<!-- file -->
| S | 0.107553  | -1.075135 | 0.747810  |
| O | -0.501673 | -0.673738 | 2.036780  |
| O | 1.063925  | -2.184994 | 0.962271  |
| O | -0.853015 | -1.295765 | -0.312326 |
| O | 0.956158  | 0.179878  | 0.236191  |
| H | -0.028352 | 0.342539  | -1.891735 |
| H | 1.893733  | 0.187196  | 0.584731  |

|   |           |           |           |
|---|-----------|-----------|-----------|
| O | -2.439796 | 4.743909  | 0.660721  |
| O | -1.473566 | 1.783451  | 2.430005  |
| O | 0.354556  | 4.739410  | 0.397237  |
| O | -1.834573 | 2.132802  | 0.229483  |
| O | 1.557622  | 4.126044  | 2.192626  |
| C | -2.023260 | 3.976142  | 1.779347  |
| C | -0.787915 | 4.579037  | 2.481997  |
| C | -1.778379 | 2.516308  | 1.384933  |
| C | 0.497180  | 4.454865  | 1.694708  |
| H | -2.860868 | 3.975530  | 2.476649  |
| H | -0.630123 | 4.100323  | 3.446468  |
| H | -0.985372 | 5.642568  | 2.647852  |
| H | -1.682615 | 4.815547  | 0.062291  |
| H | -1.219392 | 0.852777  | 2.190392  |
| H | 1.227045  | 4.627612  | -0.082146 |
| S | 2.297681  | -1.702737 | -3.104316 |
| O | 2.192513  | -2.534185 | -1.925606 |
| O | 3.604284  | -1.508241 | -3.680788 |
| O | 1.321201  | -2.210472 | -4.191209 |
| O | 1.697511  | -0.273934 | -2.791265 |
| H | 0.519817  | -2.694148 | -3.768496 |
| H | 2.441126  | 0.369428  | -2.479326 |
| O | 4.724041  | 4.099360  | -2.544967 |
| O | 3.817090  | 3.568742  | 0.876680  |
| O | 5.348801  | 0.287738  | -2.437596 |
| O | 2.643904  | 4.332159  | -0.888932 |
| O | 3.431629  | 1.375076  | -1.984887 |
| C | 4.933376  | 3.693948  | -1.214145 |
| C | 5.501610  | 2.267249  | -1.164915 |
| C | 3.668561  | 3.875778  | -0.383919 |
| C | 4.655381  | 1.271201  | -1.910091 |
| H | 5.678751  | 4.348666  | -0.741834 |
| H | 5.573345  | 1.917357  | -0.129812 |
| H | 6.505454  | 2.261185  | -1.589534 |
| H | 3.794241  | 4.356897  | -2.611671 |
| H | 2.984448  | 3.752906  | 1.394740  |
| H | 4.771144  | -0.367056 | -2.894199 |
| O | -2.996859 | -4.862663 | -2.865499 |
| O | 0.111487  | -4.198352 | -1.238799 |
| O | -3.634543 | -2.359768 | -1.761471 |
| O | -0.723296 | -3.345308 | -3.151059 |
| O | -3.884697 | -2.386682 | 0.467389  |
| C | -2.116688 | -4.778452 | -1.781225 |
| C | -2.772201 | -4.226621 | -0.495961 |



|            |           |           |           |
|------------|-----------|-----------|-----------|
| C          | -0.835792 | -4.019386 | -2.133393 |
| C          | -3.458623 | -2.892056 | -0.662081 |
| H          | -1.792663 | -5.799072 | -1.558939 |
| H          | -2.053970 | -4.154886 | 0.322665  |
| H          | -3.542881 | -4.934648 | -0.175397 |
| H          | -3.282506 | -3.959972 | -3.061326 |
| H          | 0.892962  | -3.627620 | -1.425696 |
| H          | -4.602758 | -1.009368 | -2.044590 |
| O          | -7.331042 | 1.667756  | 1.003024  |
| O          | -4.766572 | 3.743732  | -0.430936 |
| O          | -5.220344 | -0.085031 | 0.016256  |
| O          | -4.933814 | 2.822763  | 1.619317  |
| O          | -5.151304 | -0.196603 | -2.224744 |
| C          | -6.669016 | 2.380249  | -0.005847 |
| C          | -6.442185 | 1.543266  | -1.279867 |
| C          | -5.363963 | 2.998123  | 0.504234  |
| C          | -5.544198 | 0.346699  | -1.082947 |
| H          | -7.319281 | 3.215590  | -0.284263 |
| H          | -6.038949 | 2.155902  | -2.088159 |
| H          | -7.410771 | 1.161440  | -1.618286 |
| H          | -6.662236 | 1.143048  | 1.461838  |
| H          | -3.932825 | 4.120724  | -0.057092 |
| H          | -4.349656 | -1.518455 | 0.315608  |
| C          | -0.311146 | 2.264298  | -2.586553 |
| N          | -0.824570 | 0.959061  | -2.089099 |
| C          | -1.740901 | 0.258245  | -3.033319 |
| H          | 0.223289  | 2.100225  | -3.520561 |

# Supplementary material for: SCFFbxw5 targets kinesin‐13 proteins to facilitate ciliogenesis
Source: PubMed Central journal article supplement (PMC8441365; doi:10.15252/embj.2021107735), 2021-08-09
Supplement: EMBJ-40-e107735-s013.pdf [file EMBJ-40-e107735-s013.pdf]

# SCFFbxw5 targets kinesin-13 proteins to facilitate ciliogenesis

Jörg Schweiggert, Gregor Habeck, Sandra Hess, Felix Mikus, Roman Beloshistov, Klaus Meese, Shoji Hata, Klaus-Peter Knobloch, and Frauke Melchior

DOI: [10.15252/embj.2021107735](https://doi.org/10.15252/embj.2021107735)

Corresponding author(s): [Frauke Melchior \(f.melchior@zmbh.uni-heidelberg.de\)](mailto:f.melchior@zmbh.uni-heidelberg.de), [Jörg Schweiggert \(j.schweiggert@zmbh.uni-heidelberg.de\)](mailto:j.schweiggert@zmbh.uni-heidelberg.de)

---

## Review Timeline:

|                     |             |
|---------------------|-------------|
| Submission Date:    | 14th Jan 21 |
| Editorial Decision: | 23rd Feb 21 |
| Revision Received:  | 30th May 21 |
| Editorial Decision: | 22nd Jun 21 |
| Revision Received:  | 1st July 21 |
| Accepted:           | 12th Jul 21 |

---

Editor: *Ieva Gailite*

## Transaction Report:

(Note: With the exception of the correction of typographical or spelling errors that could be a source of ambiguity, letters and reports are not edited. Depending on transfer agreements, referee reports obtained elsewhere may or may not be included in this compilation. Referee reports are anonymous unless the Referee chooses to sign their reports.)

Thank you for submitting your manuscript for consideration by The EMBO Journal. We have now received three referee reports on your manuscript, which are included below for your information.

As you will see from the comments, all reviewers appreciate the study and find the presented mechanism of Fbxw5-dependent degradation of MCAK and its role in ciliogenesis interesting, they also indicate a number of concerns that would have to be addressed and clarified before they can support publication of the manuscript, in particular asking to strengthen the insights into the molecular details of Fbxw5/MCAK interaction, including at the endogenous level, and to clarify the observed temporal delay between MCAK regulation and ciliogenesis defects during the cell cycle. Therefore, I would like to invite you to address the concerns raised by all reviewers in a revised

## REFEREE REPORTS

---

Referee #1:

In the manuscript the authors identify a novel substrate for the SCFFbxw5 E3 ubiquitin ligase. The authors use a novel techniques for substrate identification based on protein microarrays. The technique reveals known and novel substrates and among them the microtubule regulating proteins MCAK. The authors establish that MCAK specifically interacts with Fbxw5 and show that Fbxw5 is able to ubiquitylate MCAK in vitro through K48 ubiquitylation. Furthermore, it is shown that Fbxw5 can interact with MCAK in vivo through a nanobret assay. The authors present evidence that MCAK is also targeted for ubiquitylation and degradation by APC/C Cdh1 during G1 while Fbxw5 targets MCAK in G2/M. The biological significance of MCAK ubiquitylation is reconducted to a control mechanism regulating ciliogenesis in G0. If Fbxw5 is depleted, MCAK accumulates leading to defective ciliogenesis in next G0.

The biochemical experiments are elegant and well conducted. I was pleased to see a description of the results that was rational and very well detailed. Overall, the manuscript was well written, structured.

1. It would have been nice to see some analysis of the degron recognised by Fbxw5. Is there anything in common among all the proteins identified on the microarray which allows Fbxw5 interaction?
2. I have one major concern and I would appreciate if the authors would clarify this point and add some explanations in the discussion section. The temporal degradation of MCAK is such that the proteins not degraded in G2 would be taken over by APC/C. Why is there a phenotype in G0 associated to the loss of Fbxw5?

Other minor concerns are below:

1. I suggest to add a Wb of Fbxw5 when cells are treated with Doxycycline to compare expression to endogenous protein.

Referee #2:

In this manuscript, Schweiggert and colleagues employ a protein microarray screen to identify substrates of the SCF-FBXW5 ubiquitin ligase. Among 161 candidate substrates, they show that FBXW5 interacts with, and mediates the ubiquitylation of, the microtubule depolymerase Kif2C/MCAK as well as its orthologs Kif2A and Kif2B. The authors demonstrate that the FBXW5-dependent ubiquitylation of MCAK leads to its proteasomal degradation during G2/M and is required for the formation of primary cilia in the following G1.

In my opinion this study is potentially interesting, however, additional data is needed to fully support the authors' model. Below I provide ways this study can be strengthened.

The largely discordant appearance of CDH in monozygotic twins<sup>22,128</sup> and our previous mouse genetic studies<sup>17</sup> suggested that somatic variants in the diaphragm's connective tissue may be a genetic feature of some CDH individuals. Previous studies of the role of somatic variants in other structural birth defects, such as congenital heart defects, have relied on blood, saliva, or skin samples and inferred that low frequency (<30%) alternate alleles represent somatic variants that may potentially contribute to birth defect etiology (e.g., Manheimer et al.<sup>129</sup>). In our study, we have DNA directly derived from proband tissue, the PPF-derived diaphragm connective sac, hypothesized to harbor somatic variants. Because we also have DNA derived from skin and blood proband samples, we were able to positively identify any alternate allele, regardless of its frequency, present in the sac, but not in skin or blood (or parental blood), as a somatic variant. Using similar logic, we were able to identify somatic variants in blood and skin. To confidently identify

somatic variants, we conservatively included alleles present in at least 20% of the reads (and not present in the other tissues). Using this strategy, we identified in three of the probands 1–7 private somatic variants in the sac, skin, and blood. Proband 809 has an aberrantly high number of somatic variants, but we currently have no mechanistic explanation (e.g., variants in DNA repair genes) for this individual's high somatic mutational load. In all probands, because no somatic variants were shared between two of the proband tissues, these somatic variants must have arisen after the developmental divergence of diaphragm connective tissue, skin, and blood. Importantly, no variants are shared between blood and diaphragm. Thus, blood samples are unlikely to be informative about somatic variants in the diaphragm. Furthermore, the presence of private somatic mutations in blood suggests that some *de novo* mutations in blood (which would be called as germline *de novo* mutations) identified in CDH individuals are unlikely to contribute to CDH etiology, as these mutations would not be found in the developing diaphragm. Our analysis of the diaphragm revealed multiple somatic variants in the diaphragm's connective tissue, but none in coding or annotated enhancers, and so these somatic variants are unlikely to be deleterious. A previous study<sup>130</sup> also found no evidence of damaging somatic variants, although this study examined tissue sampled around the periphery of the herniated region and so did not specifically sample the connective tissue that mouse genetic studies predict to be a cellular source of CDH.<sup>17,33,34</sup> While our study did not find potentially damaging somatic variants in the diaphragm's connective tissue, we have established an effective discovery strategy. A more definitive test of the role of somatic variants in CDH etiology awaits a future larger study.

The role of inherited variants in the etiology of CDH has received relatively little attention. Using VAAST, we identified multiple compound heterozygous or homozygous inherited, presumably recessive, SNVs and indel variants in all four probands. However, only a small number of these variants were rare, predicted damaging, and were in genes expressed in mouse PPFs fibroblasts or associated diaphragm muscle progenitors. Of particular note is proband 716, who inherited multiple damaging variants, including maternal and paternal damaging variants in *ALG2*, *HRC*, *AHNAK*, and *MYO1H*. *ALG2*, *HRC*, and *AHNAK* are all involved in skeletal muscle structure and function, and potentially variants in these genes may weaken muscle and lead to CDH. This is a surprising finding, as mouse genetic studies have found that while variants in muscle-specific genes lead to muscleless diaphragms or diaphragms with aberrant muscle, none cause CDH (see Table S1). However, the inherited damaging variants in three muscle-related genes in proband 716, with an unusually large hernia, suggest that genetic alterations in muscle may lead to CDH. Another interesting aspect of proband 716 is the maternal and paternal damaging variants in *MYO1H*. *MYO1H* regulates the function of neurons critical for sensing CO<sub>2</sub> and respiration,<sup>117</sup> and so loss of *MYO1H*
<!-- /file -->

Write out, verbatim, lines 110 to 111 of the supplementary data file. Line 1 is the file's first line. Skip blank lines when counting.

The biochemical experiments are elegant and well conducted. I was pleased to see a description of the results that was rational and very well detailed. Overall, the manuscript was well written, structured.

1. It would have been nice to see some analysis of the degron recognised by Fbxw5. Is there anything in common among all the proteins identified on the microarray which allows Fbxw5 interaction?